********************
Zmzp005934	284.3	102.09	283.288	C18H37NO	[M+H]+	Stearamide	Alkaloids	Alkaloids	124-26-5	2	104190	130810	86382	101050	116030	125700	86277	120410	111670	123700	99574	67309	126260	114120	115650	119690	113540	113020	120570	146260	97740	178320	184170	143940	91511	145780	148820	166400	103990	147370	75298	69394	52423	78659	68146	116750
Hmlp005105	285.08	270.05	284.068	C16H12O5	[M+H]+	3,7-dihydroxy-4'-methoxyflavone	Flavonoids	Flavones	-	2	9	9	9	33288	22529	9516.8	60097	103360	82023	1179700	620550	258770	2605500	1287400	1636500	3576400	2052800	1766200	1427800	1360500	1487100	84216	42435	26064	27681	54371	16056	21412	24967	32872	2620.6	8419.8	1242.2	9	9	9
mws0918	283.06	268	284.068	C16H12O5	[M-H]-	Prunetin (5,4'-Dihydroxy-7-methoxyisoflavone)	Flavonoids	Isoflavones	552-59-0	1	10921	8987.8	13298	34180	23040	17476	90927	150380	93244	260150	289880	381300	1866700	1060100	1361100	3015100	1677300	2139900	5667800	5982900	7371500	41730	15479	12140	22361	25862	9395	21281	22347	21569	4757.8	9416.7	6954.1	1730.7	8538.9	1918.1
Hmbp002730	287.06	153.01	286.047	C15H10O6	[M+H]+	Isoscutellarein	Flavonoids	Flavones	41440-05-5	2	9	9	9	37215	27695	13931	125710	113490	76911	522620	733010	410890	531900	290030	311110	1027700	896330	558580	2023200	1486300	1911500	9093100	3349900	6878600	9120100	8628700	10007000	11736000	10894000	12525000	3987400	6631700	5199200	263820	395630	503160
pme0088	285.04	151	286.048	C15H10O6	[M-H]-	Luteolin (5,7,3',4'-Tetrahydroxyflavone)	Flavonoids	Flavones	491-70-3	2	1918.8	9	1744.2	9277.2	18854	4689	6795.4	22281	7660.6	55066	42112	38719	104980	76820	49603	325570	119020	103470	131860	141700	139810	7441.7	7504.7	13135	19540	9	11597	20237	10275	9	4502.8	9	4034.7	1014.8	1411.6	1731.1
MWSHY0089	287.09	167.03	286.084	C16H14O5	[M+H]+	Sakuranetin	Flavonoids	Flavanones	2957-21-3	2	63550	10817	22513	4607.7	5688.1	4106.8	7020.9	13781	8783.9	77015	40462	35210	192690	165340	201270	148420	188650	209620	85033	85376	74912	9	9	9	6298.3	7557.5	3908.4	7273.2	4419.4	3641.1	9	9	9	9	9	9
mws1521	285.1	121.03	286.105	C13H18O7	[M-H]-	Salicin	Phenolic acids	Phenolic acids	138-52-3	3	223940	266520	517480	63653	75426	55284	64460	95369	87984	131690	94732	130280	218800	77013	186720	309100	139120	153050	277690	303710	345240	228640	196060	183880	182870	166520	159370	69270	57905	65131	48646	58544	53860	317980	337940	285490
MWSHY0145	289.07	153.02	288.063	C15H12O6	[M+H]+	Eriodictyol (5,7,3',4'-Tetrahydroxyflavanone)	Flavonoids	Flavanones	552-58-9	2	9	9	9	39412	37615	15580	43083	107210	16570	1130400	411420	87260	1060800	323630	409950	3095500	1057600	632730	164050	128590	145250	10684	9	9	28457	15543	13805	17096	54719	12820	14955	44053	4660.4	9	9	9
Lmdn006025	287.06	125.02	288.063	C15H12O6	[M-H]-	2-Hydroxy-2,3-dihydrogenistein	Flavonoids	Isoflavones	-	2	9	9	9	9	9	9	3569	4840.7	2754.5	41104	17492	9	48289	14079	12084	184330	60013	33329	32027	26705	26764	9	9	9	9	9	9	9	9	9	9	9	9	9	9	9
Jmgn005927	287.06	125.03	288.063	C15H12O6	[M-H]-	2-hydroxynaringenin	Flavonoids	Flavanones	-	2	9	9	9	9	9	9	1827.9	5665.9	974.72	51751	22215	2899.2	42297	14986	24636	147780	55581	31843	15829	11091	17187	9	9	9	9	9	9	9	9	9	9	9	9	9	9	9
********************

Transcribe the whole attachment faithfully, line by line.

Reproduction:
Zmzp005934	284.3	102.09	283.288	C18H37NO	[M+H]+	Stearamide	Alkaloids	Alkaloids	124-26-5	2	104190	130810	86382	101050	116030	125700	86277	120410	111670	123700	99574	67309	126260	114120	115650	119690	113540	113020	120570	146260	97740	178320	184170	143940	91511	145780	148820	166400	103990	147370	75298	69394	52423	78659	68146	116750
Hmlp005105	285.08	270.05	284.068	C16H12O5	[M+H]+	3,7-dihydroxy-4'-methoxyflavone	Flavonoids	Flavones	-	2	9	9	9	33288	22529	9516.8	60097	103360	82023	1179700	620550	258770	2605500	1287400	1636500	3576400	2052800	1766200	1427800	1360500	1487100	84216	42435	26064	27681	54371	16056	21412	24967	32872	2620.6	8419.8	1242.2	9	9	9
mws0918	283.06	268	284.068	C16H12O5	[M-H]-	Prunetin (5,4'-Dihydroxy-7-methoxyisoflavone)	Flavonoids	Isoflavones	552-59-0	1	10921	8987.8	13298	34180	23040	17476	90927	150380	93244	260150	289880	381300	1866700	1060100	1361100	3015100	1677300	2139900	5667800	5982900	7371500	41730	15479	12140	22361	25862	9395	21281	22347	21569	4757.8	9416.7	6954.1	1730.7	8538.9	1918.1
Hmbp002730	287.06	153.01	286.047	C15H10O6	[M+H]+	Isoscutellarein	Flavonoids	Flavones	41440-05-5	2	9	9	9	37215	27695	13931	125710	113490	76911	522620	733010	410890	531900	290030	311110	1027700	896330	558580	2023200	1486300	1911500	9093100	3349900	6878600	9120100	8628700	10007000	11736000	10894000	12525000	3987400	6631700	5199200	263820	395630	503160
pme0088	285.04	151	286.048	C15H10O6	[M-H]-	Luteolin (5,7,3',4'-Tetrahydroxyflavone)	Flavonoids	Flavones	491-70-3	2	1918.8	9	1744.2	9277.2	18854	4689	6795.4	22281	7660.6	55066	42112	38719	104980	76820	49603	325570	119020	103470	131860	141700	139810	7441.7	7504.7	13135	19540	9	11597	20237	10275	9	4502.8	9	4034.7	1014.8	1411.6	1731.1
MWSHY0089	287.09	167.03	286.084	C16H14O5	[M+H]+	Sakuranetin	Flavonoids	Flavanones	2957-21-3	2	63550	10817	22513	4607.7	5688.1	4106.8	7020.9	13781	8783.9	77015	40462	35210	192690	165340	201270	148420	188650	209620	85033	85376	74912	9	9	9	6298.3	7557.5	3908.4	7273.2	4419.4	3641.1	9	9	9	9	9	9
mws1521	285.1	121.03	286.105	C13H18O7	[M-H]-	Salicin	Phenolic acids	Phenolic acids	138-52-3	3	223940	266520	517480	63653	75426	55284	64460	95369	87984	131690	94732	130280	218800	77013	186720	309100	139120	153050	277690	303710	345240	228640	196060	183880	182870	166520	159370	69270	57905	65131	48646	58544	53860	317980	337940	285490
MWSHY0145	289.07	153.02	288.063	C15H12O6	[M+H]+	Eriodictyol (5,7,3',4'-Tetrahydroxyflavanone)	Flavonoids	Flavanones	552-58-9	2	9	9	9	39412	37615	15580	43083	107210	16570	1130400	411420	87260	1060800	323630	409950	3095500	1057600	632730	164050	128590	145250	10684	9	9	28457	15543	13805	17096	54719	12820	14955	44053	4660.4	9	9	9
Lmdn006025	287.06	125.02	288.063	C15H12O6	[M-H]-	2-Hydroxy-2,3-dihydrogenistein	Flavonoids	Isoflavones	-	2	9	9	9	9	9	9	3569	4840.7	2754.5	41104	17492	9	48289	14079	12084	184330	60013	33329	32027	26705	26764	9	9	9	9	9	9	9	9	9	9	9	9	9	9	9
Jmgn005927	287.06	125.03	288.063	C15H12O6	[M-H]-	2-hydroxynaringenin	Flavonoids	Flavanones	-	2	9	9	9	9	9	9	1827.9	5665.9	974.72	51751	22215	2899.2	42297	14986	24636	147780	55581	31843	15829	11091	17187	9	9	9	9	9	9	9	9	9	9	9	9	9	9	9